Here's why government spending isn't fixing the housing crisis, according to Shelter

 
Helen Cahill
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Home Ownership Falls To Its Lowest Level In 30 Years
The government is spending its money on demand - rather than supply (Source: Getty)

The government is pouring money into schemes that boost demand for properties - but is failing to put enough cash into house building, according to research from housing charity Shelter.

The current parliament has spent two thirds of its housing money - £28.7bn - on programmes such as the Lifetime ISA and Help to Buy, which increase demand, Shelter said, without investing enough in building homes to meet that demand.

Just 35 per cent (£16.05bn) of the government's financial support for the private housing market goes to helping create new homes.

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The government's Help to Buy scheme helps first-time buyers get on the housing ladder with a five per cent deposit and has helped housebuilders like Persimmon shift their stock. Nearly half of Persimmon's homes are sold through Help to Buy mortgages - and its share price has steadily climbed since the first phase of the scheme began in April 2013.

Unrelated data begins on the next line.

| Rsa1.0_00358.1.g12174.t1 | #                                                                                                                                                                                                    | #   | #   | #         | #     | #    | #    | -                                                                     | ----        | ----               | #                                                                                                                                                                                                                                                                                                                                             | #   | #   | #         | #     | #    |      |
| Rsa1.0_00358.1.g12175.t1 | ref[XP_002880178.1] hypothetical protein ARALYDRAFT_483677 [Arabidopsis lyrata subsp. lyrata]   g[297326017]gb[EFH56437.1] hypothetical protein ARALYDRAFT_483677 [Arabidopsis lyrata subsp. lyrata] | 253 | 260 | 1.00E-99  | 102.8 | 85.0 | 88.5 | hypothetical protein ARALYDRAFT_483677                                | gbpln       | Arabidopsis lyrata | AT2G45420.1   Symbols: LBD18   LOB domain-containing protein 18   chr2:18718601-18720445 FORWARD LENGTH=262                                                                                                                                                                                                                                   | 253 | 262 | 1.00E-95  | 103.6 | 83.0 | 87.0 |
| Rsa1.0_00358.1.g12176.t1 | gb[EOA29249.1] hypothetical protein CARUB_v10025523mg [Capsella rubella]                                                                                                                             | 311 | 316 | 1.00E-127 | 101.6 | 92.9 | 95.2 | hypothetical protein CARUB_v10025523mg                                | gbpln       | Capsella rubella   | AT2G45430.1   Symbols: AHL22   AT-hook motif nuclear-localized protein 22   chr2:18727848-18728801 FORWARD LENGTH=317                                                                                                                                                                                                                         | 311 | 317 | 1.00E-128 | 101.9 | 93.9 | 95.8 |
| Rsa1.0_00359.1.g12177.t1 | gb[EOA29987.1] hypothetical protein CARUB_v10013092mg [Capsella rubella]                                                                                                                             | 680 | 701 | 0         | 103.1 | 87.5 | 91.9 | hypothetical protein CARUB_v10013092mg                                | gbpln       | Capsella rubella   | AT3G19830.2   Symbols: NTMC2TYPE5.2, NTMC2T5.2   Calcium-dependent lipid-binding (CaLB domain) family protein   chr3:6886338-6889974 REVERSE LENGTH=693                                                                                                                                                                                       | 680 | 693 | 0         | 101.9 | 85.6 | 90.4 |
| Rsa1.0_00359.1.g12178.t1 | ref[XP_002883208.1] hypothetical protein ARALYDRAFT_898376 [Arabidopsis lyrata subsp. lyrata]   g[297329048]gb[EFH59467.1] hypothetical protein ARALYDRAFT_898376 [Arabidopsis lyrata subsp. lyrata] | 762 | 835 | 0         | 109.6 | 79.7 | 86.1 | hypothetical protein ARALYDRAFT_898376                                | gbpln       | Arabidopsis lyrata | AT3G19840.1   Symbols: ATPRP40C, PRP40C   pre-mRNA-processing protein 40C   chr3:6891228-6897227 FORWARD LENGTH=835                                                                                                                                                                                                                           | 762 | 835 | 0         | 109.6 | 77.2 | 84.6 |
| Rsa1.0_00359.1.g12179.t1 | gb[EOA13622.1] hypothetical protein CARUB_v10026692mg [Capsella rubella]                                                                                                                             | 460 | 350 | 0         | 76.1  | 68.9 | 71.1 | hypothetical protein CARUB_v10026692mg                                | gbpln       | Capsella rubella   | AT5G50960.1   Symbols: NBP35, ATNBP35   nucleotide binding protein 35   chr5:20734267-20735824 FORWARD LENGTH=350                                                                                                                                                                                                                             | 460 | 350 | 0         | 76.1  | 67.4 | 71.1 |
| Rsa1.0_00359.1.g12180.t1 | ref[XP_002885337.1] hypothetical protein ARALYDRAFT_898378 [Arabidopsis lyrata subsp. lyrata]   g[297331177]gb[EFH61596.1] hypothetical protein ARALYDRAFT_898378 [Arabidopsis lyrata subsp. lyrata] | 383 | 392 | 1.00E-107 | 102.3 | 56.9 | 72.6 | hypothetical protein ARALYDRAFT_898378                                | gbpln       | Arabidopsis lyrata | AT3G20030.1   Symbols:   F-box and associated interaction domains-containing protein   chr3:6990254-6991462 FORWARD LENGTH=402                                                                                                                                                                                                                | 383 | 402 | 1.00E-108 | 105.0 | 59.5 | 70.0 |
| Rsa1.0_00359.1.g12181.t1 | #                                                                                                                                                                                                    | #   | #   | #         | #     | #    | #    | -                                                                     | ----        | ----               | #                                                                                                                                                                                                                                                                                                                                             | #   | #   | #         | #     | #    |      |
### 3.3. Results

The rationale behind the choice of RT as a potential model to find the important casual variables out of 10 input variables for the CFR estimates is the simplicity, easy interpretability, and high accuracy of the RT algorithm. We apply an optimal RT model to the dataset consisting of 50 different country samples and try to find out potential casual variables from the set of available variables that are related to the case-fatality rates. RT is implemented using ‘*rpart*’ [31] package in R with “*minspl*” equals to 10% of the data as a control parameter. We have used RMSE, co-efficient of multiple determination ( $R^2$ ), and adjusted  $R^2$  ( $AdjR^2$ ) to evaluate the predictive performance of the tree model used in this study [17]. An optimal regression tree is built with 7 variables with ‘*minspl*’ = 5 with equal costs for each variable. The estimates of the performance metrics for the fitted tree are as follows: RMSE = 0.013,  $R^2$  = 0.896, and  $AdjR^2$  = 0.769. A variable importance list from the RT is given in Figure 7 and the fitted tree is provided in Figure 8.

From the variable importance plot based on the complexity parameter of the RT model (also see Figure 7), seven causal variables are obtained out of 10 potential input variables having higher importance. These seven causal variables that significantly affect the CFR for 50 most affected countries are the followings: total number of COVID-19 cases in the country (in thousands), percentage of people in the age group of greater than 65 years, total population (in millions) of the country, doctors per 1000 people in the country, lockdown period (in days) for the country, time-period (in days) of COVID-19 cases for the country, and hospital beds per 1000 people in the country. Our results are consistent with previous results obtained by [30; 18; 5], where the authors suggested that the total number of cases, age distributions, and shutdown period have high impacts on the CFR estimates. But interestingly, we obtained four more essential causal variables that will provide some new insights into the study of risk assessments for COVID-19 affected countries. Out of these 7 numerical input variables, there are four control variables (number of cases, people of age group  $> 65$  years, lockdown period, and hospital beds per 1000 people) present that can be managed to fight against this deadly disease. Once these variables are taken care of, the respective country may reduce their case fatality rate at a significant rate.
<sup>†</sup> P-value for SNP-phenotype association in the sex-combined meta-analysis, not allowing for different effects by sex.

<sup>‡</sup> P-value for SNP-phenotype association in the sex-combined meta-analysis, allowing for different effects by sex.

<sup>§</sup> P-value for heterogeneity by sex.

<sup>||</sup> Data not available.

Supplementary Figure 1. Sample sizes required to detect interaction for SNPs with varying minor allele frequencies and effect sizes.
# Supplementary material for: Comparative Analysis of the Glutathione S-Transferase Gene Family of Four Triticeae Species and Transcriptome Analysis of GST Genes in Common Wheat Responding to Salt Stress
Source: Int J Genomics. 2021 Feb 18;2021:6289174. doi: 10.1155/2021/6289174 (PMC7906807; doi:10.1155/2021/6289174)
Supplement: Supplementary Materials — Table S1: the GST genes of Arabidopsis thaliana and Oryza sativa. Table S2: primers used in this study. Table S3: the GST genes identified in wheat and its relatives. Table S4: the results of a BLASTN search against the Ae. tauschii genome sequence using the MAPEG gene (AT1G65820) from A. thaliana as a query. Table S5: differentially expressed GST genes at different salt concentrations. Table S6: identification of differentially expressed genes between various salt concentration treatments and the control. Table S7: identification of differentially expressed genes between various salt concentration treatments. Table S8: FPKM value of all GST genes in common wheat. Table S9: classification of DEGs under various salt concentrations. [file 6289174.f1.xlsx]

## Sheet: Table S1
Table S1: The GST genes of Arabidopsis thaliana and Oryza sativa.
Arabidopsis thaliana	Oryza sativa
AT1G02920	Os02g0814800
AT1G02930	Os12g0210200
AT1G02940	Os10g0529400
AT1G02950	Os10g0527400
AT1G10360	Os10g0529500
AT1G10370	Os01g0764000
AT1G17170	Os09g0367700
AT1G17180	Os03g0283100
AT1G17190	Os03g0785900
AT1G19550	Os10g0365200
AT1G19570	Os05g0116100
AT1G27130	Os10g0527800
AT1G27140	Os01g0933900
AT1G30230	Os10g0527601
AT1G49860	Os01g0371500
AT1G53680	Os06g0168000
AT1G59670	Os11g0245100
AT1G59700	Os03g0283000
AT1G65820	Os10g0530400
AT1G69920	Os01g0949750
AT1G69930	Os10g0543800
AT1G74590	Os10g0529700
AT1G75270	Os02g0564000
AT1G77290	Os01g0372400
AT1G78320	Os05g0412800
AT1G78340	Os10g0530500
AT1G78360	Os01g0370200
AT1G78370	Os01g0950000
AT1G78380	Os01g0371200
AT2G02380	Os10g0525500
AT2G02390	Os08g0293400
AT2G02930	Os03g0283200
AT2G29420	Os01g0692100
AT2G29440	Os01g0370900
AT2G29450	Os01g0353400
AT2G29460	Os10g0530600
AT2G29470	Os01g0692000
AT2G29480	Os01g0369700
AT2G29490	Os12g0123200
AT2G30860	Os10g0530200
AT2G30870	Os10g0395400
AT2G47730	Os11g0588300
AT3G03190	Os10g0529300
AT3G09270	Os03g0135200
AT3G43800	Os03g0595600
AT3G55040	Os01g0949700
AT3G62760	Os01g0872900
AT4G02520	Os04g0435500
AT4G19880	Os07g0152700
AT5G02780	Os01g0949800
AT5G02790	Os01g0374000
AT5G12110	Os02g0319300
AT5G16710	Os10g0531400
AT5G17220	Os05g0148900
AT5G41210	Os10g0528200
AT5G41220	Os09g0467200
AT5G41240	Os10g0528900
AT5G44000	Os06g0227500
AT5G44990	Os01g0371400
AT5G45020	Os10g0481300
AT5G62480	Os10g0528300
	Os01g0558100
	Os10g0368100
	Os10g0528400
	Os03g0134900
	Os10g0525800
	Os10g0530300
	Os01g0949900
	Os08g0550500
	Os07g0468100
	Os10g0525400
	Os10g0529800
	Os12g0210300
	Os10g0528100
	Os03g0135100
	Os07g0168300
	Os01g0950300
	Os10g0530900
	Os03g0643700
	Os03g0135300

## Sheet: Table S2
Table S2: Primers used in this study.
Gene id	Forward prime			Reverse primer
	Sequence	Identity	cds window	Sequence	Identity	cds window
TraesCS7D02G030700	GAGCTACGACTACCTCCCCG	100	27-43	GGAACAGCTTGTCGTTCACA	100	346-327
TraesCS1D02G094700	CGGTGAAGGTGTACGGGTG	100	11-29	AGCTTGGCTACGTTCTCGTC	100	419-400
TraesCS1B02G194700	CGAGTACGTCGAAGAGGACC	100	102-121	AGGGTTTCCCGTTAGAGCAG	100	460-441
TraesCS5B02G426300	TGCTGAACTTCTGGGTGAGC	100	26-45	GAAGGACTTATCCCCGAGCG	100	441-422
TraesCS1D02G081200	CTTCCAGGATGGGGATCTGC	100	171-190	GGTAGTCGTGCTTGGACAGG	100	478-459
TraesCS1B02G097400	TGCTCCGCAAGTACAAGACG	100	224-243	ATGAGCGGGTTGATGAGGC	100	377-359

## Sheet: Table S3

However, Shelter said by helping people purchase a home without increasing the supply glut, the scheme has actually pushed up house prices.

Pete Jefferys, senior policy officer for Shelter, said: "Rather than repeat the mistakes of the past and prop up a market which hasn't delivered, this government has the chance to face things head on and put in place measure that will not only stimulate housebuilding, but boost the economy as well.

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"We're confident that the new government could achieve their targets and give hope back to the millions struggling day-in day-out with sky-high housing costs, but there has to be significant reform of the house-building market to focus on actually building the homes we need to make this happen."

Help to Buy has come under scrutiny recently after it emerged it cannot be used until buyers complete a purchase - rather than being able to use the money towards paying a deposit.

The outlook for house prices in the coming months is cloudy, according to Nationwide. House prices picked up again in June, after a lull immediately following the Brexit vote and changes to stamp duty rules.

Nationwide's chief economist Robert Gardner said the level of stock on the market is at a 30-year low, so even though first-time buyers no longer face such fierce competition from landlords, there are fewer properties to chose from.

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